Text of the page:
invest the surplus in stocks, earmarking a portion of the current Social Security tax for deposit in a personal savings account and establishing government-approved private savings accounts that are managed entirely by individuals. Advocates of privatization argue private savings accounts would increase returns while promoting greater economic growth.
For blacks, the outcome of privatization could be a costly gamble. Most critics have focused on the excessive market risk of privatization, which might create a situation whereby individuals who make bad investment decisions are left with no coverage. Others argue that savings couldn’t be adequately protected from inflation and younger workers would have to save for their own retirement and support current retirees.
Privatization would erode the social insurance nature of the current system by diminishing benefits for low-income workers, survivors and the disabled. Despite the fact that the economy is experiencing the greatest peacetime economic expansion in history, 30% of blacks still live in poverty. In 1996, more than two-fifths of the black seniors were kept out of poverty because of Social Security benefits. For all races that year, 9% of aged beneficiaries were poor. But without Social Security, this poverty rate would have been at 50%, and it would have been even higher for blacks.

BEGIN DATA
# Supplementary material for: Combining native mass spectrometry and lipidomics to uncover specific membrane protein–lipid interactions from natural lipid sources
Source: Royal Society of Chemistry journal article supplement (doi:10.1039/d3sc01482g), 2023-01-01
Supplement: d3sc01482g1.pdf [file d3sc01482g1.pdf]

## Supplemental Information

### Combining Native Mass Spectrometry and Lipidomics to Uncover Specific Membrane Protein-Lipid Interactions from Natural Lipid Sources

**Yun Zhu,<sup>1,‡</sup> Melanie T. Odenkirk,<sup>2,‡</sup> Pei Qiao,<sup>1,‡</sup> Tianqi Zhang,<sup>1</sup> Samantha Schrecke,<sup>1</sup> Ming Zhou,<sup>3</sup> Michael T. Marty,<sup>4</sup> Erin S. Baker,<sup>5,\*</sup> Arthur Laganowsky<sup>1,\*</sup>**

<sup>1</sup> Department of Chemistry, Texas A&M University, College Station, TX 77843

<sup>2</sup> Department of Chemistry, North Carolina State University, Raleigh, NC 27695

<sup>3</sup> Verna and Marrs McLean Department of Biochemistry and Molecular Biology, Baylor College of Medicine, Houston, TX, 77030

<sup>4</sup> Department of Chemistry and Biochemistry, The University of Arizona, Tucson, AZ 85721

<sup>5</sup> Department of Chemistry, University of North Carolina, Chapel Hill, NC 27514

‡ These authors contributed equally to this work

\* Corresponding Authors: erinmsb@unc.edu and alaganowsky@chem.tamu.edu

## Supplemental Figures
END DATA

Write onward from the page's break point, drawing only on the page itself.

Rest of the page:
In the end, privatization would increase retirement income for those who win in the stock market. But for others it would only increase poverty and economic hardship.